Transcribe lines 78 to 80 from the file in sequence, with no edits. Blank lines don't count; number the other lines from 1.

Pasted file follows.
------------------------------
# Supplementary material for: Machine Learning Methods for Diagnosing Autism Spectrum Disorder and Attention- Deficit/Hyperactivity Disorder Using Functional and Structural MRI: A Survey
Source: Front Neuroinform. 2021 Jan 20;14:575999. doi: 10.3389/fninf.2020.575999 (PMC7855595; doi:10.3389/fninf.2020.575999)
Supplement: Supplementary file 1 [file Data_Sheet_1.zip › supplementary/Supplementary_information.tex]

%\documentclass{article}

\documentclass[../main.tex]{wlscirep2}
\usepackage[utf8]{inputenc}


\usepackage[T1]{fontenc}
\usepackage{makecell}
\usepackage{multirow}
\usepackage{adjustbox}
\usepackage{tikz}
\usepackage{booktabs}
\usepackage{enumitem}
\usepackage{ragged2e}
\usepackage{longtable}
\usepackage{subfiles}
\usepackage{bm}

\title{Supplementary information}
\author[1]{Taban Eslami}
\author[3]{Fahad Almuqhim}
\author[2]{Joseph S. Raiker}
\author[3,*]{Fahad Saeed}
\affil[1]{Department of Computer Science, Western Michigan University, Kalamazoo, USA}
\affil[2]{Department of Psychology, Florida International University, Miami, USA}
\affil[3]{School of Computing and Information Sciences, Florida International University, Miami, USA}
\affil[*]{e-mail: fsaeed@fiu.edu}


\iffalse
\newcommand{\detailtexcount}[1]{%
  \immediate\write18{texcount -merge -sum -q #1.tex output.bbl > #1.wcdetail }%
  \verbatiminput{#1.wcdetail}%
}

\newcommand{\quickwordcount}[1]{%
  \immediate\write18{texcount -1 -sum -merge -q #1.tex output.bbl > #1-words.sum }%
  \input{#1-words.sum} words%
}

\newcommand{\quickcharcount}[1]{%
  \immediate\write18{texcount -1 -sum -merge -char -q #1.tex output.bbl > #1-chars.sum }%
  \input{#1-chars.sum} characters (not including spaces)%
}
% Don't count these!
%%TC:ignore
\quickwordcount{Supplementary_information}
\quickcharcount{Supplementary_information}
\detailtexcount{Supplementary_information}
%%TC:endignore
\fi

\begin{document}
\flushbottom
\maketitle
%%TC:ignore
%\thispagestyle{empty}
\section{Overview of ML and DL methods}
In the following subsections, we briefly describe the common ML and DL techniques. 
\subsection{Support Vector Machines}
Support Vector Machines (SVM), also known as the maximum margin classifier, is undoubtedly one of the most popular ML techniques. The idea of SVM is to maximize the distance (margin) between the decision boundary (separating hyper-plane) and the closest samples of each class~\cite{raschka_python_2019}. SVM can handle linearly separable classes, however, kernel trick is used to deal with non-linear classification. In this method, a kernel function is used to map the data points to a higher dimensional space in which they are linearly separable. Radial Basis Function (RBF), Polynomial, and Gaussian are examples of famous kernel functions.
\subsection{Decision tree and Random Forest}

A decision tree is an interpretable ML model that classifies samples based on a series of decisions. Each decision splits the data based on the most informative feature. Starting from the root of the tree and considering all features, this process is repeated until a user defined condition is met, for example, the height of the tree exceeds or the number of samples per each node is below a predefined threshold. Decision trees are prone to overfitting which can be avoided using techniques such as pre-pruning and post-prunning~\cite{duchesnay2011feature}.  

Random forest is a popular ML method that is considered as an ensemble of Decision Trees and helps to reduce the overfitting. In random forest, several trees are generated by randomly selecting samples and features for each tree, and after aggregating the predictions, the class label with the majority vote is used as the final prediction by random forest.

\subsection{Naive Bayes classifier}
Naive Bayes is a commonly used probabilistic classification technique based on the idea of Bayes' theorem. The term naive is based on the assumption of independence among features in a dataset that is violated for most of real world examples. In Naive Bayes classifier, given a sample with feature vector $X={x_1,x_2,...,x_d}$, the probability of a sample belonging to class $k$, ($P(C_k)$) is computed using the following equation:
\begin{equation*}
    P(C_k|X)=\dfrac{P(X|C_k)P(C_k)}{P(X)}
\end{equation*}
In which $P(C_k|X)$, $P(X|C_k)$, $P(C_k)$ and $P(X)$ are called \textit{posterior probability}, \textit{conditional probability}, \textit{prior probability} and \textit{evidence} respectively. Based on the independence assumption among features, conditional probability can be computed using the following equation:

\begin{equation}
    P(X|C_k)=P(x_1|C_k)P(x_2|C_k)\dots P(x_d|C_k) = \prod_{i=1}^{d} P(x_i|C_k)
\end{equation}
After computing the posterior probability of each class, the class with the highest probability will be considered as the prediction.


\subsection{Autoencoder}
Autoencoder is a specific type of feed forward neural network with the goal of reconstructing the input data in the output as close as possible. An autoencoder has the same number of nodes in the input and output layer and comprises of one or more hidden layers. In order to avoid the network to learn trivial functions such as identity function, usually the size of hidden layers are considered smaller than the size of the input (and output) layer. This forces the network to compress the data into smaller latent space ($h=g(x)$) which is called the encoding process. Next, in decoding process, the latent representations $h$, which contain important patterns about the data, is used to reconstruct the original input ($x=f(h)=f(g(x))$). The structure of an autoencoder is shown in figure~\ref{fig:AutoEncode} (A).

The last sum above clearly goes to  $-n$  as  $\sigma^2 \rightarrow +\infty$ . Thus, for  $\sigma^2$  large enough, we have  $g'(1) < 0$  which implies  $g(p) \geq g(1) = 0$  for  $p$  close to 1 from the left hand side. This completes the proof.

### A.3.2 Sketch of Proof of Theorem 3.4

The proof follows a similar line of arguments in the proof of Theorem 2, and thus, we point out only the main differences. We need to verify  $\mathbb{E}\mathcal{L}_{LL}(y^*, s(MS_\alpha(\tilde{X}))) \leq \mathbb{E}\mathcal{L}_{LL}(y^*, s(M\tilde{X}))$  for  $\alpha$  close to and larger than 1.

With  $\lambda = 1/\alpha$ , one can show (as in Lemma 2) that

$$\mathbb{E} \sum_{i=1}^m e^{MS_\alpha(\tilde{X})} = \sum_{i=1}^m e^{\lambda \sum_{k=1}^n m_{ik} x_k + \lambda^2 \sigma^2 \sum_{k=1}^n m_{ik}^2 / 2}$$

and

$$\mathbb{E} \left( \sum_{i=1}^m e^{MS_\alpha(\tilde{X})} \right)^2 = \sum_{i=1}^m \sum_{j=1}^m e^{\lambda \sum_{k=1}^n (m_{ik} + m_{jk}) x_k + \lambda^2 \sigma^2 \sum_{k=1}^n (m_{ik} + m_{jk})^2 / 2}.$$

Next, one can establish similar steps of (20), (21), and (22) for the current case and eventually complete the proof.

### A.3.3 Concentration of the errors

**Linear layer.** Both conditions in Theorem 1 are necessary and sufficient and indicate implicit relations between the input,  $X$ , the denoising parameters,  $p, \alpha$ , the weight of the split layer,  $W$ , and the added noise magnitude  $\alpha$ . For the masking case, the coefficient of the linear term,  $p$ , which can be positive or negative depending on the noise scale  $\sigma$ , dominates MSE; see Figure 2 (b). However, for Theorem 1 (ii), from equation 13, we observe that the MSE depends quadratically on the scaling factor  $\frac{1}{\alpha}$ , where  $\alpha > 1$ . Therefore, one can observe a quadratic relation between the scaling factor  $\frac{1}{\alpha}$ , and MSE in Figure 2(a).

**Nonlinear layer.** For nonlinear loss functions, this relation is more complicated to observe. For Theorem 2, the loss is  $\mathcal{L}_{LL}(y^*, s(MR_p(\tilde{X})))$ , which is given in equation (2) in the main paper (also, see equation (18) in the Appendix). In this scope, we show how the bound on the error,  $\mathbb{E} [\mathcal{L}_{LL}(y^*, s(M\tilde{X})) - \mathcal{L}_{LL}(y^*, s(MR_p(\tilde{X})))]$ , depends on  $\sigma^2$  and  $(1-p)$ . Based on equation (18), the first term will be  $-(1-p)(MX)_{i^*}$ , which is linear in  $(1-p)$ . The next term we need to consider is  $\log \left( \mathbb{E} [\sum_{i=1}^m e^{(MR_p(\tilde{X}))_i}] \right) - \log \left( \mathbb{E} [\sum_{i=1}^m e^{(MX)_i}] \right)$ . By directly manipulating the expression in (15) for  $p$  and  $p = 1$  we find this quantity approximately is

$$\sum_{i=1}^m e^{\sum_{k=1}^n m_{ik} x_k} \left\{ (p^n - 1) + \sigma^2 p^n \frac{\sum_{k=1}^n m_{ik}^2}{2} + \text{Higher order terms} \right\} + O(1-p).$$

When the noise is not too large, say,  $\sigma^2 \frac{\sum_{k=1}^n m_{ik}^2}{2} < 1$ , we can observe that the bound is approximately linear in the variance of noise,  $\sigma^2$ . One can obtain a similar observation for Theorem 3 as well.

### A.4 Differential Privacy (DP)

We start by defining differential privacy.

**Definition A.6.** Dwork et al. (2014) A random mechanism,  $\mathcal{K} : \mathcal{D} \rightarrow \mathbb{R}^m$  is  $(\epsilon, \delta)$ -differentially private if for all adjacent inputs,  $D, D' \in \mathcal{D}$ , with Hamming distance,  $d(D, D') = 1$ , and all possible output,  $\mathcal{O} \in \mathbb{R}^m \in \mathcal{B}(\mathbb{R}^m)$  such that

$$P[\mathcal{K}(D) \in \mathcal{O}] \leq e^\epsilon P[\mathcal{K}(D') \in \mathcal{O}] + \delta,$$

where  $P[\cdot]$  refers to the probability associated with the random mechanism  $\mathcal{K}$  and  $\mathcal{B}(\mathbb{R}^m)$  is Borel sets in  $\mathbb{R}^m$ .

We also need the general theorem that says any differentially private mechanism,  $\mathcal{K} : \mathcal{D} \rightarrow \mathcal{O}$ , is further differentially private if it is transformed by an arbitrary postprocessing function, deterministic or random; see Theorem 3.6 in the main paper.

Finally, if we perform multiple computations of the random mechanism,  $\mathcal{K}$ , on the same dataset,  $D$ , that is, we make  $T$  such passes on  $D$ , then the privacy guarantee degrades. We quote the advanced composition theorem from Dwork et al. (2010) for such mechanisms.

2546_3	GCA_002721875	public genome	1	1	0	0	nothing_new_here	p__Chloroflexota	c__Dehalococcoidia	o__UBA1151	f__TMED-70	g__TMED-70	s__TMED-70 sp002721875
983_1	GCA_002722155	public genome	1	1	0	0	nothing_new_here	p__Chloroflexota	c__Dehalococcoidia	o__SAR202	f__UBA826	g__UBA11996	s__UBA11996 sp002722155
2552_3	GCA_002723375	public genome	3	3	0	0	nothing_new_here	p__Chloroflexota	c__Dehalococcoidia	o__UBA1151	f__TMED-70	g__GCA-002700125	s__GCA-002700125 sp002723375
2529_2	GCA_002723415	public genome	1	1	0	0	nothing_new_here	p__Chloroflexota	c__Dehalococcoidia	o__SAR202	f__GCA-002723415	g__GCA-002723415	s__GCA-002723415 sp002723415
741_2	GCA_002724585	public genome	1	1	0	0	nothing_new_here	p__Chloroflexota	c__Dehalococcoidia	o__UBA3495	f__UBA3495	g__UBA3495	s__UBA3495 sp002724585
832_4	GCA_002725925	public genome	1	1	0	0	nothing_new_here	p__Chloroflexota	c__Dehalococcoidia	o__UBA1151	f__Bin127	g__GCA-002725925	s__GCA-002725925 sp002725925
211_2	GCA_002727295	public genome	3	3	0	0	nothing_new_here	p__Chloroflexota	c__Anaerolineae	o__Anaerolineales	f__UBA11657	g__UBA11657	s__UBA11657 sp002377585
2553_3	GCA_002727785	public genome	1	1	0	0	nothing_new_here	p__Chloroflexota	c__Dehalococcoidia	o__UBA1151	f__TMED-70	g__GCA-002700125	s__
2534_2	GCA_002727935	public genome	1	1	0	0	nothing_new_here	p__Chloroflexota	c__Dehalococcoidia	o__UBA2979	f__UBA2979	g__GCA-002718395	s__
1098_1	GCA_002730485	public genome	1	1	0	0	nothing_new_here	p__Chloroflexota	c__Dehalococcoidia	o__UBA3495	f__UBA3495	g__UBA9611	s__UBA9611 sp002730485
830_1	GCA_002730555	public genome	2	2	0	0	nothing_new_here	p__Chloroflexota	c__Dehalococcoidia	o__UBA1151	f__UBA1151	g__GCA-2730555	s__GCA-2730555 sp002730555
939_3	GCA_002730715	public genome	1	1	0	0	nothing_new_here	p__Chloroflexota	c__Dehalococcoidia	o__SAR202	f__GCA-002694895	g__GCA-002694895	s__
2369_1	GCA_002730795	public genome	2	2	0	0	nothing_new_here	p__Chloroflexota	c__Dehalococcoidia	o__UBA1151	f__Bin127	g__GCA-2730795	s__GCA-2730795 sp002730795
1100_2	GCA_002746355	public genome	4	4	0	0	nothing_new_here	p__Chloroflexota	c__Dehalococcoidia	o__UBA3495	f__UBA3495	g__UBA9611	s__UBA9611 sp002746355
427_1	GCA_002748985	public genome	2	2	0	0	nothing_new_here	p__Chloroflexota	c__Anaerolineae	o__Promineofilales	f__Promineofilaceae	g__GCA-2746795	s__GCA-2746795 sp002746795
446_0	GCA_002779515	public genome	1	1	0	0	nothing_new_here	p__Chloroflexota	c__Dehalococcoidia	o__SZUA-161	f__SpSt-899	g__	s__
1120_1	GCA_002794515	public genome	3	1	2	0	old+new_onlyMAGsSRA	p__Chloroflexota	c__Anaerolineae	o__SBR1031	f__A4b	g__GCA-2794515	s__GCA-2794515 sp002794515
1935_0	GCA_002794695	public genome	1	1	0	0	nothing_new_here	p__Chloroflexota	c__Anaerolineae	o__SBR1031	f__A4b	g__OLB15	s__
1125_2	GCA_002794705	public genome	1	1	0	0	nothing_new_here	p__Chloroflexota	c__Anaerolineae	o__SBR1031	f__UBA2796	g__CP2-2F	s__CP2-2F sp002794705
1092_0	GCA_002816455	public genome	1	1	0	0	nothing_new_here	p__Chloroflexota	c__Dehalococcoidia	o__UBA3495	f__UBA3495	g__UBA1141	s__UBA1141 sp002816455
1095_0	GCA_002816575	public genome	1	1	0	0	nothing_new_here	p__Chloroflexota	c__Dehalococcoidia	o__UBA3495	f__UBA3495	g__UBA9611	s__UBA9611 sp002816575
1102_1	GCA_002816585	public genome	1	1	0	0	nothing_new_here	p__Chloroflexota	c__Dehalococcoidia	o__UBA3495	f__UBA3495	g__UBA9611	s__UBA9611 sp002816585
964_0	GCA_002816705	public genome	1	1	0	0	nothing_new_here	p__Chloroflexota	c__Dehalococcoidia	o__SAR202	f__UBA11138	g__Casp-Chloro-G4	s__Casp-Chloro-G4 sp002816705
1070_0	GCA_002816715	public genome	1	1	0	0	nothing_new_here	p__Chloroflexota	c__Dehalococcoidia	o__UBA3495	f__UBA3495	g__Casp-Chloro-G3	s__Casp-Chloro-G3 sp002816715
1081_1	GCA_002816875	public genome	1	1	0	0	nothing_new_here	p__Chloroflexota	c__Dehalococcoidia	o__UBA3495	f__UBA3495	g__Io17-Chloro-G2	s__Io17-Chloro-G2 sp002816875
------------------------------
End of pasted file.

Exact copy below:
Next, one can establish similar steps of (20), (21), and (22) for the current case and eventually complete the proof.

### A.3.3 Concentration of the errors

**Linear layer.** Both conditions in Theorem 1 are necessary and sufficient and indicate implicit relations between the input,  $X$ , the denoising parameters,  $p, \alpha$ , the weight of the split layer,  $W$ , and the added noise magnitude  $\alpha$ . For the masking case, the coefficient of the linear term,  $p$ , which can be positive or negative depending on the noise scale  $\sigma$ , dominates MSE; see Figure 2 (b). However, for Theorem 1 (ii), from equation 13, we observe that the MSE depends quadratically on the scaling factor  $\frac{1}{\alpha}$ , where  $\alpha > 1$ . Therefore, one can observe a quadratic relation between the scaling factor  $\frac{1}{\alpha}$ , and MSE in Figure 2(a).